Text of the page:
Overland Park woman shares WWII POW encounter
OVERLAND PARK, Kan. – Betsy Heimke doesn’t need to see “Unbroken,” the movie, directed and produced by Angelina Jolie. It’s based on Laura Hillenbrand’s best-selling book about Louis Zamperini and the torture he endured at the hands of the Japanese in a WWII prison camp. Heimke lived her own version of it.
Zamperini’s story is one of survival, resilience and redemption (he traveled to Japan before his death and forgave his captors). Heimke’s story is also one of survival and resilience. She, however, will never forgive her captors.
“They treated us like animals,” said Heimke, who as a teenager was one of the 5,000 American civilians imprisoned in internment camps. “We rarely got food. There were no bathrooms. I got deathly ill. I will never forgive what they did to us.”
Heimke, who now lives at Tallgrass Retirement Community in Overland Park, Kan., recalls her ordeal as if it were yesterday.
In 1941, she and her brother, Billy, lived in Bagiou, Philippines, with their parents. Her mother and father taught school, and her father started a lumber company before World War II broke out.
Heimke and her family were captured by Japanese soldiers on December 27, 1941, and taken to U.S. Army Camp John Hay, where they remained for three months. They were subsequently taken to Camp Holmes, outside of Baguio. After two years in Camp Holmes, the Japanese moved the prisoners to Bilibid Penitentiary in Manila, where conditions were very grim.
“We had to sleep among feces and vomit on beds,” Heimke said. “A 20-foot troth held together with wire was a latrine. Many people died.”
American troops ultimately arrived in Manila, and the prison camp was evacuated by the U.S. Army’s 37th Division.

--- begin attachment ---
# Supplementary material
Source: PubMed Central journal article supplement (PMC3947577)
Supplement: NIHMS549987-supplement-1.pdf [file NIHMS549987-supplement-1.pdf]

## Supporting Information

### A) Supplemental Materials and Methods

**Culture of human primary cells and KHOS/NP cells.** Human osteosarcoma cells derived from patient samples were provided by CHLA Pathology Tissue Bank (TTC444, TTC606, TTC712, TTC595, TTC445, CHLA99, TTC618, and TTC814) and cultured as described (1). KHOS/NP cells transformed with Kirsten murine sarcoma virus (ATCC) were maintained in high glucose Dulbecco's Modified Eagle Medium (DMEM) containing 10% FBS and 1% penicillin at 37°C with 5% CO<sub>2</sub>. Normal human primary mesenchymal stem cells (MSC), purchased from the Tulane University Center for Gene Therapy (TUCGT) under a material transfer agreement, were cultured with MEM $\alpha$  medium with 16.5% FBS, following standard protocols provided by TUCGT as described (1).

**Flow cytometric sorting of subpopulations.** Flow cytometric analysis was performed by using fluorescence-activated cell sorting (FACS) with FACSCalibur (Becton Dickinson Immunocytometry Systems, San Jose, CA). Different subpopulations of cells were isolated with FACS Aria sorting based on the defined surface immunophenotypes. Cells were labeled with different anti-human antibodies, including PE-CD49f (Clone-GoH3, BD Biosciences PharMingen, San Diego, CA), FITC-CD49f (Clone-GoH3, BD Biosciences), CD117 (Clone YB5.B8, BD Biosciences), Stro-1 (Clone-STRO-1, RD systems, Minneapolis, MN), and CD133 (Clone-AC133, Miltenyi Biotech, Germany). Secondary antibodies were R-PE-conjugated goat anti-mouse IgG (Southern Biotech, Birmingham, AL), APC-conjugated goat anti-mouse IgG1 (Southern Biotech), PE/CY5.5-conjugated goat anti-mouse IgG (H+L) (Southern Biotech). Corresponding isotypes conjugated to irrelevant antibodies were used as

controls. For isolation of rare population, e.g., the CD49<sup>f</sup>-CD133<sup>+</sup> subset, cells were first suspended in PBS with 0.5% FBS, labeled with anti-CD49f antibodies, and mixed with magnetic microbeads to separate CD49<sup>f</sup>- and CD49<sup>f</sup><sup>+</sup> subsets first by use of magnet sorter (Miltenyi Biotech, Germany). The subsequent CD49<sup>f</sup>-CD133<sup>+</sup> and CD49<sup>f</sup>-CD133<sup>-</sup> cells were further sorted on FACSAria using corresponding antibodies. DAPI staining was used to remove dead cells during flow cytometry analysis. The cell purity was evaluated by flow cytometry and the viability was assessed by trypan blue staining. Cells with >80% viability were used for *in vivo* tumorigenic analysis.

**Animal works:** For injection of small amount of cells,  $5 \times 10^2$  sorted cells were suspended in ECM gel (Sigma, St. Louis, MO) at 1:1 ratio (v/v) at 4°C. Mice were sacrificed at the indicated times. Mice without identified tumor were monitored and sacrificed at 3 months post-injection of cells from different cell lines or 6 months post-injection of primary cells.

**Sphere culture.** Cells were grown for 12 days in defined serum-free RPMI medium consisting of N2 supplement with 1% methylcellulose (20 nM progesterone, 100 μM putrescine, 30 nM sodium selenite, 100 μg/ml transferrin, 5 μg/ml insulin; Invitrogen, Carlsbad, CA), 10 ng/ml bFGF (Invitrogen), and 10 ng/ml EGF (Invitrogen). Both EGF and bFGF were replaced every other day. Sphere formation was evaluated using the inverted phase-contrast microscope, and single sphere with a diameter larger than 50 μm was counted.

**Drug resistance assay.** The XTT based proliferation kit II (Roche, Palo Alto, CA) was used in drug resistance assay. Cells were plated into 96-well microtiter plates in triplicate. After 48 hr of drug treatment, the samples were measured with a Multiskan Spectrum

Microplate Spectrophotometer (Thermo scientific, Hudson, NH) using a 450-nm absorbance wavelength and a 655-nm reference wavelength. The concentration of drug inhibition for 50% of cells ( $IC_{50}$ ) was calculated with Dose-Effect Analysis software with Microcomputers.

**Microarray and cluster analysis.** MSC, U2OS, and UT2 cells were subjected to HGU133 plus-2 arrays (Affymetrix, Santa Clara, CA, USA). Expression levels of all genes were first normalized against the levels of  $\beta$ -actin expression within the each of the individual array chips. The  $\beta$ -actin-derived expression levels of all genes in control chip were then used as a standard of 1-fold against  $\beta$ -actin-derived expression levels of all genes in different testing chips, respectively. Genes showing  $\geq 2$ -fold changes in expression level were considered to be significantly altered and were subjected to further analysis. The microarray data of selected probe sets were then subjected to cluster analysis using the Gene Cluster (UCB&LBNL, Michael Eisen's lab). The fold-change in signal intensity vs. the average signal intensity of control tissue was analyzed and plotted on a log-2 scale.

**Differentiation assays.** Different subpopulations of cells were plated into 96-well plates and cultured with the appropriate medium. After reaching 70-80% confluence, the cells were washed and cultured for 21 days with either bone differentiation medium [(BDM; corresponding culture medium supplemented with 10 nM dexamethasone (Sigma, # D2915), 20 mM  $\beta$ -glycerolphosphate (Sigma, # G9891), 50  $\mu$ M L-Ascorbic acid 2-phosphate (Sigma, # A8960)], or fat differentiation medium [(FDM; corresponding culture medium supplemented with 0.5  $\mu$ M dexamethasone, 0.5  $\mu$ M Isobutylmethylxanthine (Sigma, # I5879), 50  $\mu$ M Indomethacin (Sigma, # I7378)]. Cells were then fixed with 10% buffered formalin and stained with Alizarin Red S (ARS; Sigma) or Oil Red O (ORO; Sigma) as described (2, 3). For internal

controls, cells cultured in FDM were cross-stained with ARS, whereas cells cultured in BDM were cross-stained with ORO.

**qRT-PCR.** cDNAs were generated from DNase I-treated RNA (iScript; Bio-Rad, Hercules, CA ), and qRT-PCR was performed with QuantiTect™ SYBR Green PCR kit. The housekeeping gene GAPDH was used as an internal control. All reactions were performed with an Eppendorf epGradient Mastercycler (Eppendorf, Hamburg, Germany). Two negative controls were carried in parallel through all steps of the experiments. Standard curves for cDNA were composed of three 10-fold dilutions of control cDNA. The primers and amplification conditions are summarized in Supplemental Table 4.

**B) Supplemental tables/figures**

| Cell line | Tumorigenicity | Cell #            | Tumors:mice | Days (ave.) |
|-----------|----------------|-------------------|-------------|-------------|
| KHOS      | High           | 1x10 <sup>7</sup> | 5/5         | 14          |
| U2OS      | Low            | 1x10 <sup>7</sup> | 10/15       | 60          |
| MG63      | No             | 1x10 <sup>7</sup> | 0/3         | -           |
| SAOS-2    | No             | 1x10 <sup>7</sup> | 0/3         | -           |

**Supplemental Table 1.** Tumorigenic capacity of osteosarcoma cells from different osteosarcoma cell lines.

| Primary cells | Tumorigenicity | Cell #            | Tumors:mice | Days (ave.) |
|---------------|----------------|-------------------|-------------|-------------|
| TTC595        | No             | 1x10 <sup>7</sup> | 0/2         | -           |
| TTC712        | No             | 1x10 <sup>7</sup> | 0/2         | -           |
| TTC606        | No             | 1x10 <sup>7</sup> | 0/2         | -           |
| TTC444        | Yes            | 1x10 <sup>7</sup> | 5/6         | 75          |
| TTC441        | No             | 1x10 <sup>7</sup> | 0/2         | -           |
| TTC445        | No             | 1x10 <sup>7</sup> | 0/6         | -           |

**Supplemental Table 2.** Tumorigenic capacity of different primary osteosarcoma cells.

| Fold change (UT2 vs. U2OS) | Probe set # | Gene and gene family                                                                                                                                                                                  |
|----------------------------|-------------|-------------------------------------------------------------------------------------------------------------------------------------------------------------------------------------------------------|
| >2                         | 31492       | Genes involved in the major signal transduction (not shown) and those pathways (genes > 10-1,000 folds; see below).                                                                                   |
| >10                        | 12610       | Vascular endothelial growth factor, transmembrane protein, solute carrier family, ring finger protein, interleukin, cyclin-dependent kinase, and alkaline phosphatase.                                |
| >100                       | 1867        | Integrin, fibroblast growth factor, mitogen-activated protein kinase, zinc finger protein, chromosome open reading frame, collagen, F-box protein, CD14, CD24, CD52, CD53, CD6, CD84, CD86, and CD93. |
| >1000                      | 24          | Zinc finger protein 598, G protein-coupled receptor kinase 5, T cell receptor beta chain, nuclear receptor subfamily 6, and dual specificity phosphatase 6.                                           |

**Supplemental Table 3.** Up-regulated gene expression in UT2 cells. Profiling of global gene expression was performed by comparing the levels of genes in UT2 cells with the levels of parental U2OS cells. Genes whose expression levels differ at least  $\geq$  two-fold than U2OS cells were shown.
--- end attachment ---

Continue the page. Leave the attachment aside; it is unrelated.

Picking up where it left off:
“The bombs looked like tinsel on a Christmas tree,” Heimke said, remembering the day when American B-25 planes flew over the camp. “It was wonderful. I cried tears of joy. The soldiers who rescued us fought door-to-door in the streets of Manila. They gave us candy and they set up a kitchen. We got scrambled eggs and coffee.”
Heimke and her family left the Philippines and were taken to the United States, and to freedom, via a Dutch freighter. They arrived in San Francisco and then visited friends in Montana and Wisconsin.
Heimke eventually earned a nursing degree from Northwestern University, married and worked at Shawnee Mission Medical Center. Her husband, Karl, who was a B-26 Army Air Corps pilot during WWII, died this past summer. He was cremated October 4 on the date of their 62nd wedding anniversary.
“I wear his wedding ring on necklace all the time,” Heimke said. She has two sons and two daughters, six grandchildren (one girl and five boys) and four great-grandchildren (all boys). “My husband is always with me.”
Heimke made an American flag of scraps from WWII that she framed and keeps in her apartment. On it she wrote: “Where liberty dwells, there is my country.”
Heimke today is a member of the Heart of America Ex-POW organization. She has penned a memoir titled “Bring Cup, Plate and Spoon” about her experience.